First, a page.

A: No, to avoid any taxation on profits from the sale of your residence, you must buy a home of equal or greater value than the home you sold. You may not divide the profit in the manner you propose; the entire amount must be applied toward the purchase of a new home within two years of the sale.
So, if the profits from the sale of your home are $215,000 and you do not buy a home whose price equals or exceeds that of the home you sold, you would still be liable for taxes on $90,000 even after using the one-time tax exclusion of $125,000 allowed by both the state and federal governments.
Last Saturday, a reader asked how he should calculate the taxes he owes to the state of California for individual retirement account withdrawals that he is making. He noted that when he opened the $2,000 account in 1982, IRA contributions were not considered tax-deductable by the state. Since 1982, his account has grown to $4,147, including interest, and he wondered how he should handle the state taxes on the $191.15 he draws from the account each year. He has already paid taxes on the $2,000 initial contribution but not on the accumulated interest. The answer provoked a small flurry of reader criticism, and a spokesman for the state Franchise Tax Board called to say his response was erroneous.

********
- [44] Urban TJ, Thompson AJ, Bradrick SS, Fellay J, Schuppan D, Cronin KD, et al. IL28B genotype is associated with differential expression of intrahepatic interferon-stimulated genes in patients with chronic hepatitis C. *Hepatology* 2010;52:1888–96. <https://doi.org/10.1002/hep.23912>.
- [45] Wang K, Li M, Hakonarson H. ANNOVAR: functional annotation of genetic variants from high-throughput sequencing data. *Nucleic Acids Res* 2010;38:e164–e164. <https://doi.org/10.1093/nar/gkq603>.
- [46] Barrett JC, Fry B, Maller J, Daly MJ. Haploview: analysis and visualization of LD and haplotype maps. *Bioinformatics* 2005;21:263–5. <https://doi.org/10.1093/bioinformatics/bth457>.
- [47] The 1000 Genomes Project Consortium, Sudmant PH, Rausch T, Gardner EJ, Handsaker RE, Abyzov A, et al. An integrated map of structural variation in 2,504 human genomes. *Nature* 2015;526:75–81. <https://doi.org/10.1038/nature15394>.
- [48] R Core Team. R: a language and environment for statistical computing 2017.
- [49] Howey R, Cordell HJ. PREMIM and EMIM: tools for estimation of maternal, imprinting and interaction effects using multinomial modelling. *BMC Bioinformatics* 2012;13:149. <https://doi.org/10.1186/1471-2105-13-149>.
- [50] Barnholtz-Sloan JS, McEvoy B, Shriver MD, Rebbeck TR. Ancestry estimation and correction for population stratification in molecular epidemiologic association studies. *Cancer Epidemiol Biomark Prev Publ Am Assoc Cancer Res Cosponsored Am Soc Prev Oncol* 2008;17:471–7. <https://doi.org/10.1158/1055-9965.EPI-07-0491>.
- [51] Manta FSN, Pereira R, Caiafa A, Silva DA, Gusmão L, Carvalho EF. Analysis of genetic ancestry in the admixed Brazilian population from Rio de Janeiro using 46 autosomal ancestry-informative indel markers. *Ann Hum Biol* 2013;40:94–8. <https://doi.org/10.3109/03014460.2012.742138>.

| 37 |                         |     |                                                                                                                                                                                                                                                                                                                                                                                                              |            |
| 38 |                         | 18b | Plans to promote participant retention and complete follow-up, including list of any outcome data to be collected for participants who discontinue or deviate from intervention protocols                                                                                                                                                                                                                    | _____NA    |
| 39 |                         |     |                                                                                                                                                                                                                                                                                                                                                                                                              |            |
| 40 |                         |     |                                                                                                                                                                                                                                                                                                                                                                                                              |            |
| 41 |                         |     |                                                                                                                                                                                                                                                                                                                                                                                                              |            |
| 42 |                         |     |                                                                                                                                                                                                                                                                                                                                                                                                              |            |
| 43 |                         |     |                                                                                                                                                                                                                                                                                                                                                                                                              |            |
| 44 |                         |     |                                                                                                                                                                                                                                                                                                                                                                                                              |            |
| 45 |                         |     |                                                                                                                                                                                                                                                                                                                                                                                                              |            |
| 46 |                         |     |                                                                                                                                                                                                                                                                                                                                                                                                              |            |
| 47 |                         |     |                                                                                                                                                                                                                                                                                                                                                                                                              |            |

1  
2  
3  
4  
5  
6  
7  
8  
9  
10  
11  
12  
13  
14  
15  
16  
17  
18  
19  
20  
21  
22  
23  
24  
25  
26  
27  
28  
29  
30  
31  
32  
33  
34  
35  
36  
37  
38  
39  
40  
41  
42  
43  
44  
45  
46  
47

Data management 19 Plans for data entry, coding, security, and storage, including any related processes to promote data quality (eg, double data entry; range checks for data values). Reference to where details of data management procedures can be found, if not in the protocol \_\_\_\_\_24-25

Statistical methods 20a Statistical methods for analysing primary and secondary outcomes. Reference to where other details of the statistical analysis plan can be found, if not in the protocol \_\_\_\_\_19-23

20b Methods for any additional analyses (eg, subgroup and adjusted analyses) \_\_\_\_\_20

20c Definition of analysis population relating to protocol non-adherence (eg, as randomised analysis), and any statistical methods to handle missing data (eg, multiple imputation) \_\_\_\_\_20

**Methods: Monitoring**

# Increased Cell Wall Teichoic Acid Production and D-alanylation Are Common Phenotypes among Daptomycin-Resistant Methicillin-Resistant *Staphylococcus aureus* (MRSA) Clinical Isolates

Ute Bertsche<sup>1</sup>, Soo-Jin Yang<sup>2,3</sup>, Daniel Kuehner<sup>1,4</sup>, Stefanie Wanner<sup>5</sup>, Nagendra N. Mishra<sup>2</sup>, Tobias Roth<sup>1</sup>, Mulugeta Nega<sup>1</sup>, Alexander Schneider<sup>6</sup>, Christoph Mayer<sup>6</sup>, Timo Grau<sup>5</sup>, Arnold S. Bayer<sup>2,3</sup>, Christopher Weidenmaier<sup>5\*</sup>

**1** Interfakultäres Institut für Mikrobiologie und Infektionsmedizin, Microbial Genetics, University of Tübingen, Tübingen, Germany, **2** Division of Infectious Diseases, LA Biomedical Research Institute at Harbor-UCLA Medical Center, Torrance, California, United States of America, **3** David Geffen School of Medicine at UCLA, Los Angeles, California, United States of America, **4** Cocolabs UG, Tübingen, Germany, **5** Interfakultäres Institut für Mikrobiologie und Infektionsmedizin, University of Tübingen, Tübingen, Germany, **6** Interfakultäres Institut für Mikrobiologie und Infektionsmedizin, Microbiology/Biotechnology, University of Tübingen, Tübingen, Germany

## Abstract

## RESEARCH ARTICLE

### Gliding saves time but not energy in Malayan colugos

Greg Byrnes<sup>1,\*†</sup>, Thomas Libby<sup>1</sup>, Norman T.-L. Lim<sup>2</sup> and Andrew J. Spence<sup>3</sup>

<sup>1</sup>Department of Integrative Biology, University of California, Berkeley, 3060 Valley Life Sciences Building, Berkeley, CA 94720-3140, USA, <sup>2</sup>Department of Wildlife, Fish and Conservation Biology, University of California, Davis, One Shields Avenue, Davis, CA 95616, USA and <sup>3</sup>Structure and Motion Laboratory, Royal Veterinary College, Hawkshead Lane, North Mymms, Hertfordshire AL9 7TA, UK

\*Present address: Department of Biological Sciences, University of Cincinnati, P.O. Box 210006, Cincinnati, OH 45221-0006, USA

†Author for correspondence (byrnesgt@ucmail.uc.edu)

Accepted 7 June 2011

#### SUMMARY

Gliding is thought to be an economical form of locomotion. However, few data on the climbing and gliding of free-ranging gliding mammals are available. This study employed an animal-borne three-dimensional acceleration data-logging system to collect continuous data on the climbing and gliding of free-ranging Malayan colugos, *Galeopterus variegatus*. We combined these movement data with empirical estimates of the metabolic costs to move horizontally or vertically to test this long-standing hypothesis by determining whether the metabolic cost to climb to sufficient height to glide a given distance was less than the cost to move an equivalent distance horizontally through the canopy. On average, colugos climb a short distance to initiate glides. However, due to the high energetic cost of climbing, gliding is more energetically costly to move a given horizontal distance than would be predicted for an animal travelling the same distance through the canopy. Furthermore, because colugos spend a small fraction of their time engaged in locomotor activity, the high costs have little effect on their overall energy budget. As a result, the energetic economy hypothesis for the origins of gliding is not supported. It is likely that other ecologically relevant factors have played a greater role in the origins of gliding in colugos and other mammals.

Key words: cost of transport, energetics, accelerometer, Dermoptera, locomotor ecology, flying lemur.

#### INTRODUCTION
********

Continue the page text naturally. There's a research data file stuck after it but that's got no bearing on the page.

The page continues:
Here is the spokesman’s revised response: According to a law passed in February, taxpayers may simply consider the first $2,000 withdrawn from the IRA account as tax-free income. The remainder would be fully taxed. This system is called the Cost Recovery Method. The original answer said taxpayers should ask their savings institution to allocate the disbursements between principal and interest and pay taxes only on the interest.